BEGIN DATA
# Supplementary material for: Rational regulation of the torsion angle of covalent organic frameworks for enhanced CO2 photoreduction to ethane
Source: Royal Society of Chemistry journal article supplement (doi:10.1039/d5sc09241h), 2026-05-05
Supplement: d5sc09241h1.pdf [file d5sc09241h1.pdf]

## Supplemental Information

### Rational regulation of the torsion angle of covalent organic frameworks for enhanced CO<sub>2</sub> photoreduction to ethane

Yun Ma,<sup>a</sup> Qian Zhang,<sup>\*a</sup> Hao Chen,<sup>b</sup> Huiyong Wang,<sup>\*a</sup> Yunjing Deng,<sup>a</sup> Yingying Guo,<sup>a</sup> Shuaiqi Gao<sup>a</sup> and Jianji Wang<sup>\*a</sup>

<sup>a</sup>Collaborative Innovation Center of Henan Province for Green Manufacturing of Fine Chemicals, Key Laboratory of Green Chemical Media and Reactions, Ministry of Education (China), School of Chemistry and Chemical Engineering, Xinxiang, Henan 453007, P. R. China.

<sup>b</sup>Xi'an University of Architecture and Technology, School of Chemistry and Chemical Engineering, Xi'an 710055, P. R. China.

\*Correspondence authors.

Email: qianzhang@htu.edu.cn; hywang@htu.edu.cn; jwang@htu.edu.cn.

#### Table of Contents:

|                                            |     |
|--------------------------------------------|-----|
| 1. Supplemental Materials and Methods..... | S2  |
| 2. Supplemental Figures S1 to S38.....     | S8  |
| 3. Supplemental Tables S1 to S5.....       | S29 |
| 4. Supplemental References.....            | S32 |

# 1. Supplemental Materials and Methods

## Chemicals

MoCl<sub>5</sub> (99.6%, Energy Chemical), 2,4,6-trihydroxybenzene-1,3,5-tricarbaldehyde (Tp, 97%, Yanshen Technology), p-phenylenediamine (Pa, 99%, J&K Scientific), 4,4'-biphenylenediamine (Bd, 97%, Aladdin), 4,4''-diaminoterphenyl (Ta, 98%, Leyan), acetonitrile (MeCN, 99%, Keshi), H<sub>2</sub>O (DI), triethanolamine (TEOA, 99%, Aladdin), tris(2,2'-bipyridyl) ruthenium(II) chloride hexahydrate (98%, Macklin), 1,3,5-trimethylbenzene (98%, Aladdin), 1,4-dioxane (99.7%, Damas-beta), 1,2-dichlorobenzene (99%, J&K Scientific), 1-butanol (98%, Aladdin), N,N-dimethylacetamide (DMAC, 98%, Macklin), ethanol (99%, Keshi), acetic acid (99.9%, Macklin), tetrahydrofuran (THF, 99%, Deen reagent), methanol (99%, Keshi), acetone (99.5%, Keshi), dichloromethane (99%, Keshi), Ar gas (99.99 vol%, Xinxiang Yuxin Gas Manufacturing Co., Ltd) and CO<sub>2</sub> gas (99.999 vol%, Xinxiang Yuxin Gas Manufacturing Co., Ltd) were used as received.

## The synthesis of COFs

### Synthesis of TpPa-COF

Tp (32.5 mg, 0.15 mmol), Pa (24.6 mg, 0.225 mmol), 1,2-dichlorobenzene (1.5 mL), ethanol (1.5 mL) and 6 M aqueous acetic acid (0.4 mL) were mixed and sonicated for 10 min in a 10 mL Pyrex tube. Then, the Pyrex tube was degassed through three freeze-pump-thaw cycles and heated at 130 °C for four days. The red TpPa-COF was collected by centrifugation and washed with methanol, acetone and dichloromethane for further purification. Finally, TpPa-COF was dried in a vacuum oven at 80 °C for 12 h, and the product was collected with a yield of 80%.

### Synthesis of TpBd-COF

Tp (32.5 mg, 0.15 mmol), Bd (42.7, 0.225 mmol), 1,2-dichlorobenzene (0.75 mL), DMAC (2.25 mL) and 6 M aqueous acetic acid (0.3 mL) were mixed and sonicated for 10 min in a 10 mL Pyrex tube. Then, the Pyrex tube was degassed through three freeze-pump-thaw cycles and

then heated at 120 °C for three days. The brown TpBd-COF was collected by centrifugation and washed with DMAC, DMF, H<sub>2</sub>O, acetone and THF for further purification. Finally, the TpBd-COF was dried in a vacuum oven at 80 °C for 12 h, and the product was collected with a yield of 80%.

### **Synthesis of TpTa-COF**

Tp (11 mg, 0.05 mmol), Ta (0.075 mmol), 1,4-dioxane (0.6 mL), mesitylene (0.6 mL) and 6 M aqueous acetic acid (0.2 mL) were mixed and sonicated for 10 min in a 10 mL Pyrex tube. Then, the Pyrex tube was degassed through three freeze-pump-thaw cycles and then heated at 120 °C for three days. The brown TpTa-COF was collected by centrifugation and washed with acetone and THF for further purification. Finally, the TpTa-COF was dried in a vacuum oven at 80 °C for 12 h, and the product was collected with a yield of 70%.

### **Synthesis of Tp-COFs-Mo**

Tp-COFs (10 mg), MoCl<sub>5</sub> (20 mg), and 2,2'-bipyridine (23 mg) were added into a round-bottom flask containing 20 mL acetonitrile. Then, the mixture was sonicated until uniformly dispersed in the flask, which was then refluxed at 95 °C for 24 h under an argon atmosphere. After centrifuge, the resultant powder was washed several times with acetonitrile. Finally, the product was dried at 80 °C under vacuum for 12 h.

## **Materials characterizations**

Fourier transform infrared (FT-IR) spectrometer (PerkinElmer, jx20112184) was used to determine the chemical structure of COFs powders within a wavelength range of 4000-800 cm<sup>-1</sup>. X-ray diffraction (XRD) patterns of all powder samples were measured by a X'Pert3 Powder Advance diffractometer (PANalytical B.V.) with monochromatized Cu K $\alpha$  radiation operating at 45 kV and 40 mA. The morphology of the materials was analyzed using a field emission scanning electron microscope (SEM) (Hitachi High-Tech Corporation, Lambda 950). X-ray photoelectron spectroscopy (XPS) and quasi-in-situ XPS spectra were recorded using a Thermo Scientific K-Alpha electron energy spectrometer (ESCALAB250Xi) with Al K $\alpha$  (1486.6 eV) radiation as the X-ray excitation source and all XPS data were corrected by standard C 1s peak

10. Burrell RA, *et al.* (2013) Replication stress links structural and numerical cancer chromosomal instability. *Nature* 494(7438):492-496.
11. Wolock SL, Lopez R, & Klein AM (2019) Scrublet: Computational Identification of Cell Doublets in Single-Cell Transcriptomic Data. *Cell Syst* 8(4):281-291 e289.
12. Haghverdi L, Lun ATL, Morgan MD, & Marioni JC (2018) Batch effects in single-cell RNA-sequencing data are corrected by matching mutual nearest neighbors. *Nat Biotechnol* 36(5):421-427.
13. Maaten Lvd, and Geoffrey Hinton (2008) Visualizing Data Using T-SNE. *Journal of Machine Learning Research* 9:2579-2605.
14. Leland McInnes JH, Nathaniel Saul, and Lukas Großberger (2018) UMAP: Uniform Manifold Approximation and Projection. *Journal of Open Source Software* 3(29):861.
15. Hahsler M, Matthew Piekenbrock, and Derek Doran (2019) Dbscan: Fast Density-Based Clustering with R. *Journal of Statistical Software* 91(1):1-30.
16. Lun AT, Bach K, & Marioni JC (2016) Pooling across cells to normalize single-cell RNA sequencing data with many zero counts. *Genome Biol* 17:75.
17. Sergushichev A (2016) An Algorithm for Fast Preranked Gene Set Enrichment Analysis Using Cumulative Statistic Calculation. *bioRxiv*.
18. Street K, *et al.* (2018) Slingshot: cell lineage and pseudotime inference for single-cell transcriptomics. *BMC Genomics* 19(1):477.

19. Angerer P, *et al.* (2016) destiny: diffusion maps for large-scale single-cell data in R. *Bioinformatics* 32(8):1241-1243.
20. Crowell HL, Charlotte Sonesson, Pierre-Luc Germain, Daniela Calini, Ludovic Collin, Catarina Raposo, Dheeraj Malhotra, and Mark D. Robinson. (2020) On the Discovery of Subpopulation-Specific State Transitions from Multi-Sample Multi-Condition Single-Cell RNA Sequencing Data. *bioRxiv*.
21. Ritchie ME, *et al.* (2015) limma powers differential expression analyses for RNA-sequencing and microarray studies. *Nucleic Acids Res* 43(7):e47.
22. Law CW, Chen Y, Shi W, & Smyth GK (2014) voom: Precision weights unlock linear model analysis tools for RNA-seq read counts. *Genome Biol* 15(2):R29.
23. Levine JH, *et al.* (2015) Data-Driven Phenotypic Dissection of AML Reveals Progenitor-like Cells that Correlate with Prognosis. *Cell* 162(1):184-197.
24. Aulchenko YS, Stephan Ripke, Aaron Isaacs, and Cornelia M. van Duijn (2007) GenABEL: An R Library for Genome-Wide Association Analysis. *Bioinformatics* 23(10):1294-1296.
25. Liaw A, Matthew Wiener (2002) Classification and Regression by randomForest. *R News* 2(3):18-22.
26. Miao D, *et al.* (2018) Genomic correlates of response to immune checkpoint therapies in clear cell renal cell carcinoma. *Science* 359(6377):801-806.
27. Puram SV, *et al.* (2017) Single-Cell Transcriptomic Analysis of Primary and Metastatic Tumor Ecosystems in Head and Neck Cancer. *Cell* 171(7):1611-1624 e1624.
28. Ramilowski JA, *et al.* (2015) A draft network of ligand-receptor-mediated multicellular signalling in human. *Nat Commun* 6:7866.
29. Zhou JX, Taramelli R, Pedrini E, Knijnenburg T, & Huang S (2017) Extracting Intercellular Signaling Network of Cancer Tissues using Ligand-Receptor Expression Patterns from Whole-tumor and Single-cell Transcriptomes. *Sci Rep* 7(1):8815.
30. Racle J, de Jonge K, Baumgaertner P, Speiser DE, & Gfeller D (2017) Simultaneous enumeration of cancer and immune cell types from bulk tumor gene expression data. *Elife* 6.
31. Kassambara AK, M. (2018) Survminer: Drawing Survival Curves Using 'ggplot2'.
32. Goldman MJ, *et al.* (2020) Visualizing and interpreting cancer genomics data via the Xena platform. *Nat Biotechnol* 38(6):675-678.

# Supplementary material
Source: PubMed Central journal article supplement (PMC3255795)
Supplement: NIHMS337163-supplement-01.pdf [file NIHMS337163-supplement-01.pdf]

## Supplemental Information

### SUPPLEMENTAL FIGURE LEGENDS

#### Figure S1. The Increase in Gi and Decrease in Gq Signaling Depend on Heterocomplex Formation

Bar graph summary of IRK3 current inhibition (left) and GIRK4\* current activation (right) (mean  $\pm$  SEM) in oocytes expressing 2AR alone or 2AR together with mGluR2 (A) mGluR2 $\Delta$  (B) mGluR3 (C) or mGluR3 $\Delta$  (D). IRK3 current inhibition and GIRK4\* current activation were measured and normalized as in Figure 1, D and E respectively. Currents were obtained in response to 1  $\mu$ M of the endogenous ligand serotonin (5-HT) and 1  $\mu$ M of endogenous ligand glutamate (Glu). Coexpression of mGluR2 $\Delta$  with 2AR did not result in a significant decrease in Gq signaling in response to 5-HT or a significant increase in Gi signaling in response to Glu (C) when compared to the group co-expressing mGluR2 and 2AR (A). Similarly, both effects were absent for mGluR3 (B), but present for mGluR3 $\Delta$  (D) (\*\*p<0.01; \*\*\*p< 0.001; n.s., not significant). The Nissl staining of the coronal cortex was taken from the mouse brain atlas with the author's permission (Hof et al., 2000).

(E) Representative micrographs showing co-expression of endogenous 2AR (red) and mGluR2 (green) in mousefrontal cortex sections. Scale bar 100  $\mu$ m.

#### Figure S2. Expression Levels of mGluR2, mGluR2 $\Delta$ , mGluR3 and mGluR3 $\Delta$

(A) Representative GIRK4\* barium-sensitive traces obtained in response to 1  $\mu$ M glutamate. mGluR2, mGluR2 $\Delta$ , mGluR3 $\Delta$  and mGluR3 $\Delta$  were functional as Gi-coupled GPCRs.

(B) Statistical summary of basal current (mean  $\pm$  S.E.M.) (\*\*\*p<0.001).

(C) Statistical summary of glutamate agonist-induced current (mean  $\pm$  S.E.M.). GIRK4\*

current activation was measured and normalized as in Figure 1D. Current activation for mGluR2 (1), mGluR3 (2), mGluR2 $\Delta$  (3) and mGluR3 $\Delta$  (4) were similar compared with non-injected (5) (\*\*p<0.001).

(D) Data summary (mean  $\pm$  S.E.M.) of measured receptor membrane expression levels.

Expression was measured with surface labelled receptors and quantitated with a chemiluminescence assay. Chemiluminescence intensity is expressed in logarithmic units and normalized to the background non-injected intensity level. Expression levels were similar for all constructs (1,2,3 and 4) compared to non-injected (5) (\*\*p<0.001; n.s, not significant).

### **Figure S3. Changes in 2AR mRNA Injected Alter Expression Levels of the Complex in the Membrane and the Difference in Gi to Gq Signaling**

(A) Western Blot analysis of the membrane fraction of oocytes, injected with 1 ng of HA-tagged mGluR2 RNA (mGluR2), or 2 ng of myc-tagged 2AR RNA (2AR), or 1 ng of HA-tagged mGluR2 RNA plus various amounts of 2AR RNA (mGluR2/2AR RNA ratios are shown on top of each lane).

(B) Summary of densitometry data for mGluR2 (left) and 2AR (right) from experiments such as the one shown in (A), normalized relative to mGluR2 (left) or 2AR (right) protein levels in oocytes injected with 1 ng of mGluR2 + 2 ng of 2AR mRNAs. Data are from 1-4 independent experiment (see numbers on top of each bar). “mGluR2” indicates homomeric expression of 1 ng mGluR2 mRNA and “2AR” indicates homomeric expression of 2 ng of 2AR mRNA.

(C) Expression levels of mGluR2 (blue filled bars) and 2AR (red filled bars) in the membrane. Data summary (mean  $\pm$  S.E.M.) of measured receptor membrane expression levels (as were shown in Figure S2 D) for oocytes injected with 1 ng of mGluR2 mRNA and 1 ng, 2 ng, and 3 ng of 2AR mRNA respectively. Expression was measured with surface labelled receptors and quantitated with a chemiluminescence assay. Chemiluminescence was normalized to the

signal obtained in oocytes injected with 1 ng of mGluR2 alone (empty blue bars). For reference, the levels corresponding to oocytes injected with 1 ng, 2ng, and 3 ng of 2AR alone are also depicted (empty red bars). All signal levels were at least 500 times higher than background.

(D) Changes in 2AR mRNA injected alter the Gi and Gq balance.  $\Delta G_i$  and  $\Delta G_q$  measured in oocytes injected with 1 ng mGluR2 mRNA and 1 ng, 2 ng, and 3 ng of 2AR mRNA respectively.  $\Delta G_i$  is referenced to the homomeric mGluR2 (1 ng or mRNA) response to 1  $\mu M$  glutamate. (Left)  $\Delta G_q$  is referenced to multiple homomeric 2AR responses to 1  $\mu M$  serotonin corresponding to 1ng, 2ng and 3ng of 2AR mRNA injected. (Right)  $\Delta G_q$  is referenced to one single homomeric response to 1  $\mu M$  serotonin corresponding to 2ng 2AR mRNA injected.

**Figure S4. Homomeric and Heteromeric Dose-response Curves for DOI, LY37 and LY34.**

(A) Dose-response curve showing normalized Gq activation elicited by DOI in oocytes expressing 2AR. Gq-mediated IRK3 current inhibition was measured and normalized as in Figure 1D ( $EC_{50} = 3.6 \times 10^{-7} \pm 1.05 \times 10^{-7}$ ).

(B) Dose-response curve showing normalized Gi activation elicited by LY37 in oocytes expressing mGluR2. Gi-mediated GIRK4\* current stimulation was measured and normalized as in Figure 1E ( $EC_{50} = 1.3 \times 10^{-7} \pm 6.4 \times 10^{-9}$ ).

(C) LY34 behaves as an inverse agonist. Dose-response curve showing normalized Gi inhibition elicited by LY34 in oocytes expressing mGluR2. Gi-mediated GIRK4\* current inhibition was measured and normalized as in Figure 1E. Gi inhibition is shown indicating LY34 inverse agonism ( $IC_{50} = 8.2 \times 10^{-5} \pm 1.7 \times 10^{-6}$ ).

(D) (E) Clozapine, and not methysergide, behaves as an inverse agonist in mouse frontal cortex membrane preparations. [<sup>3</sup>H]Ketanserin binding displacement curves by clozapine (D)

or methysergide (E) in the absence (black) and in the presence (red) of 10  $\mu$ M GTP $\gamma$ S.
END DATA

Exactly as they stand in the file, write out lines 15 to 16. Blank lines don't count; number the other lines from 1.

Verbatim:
| 2. Supplemental Figures S1 to S38.....     | S8  |
| 3. Supplemental Tables S1 to S5.....       | S29 |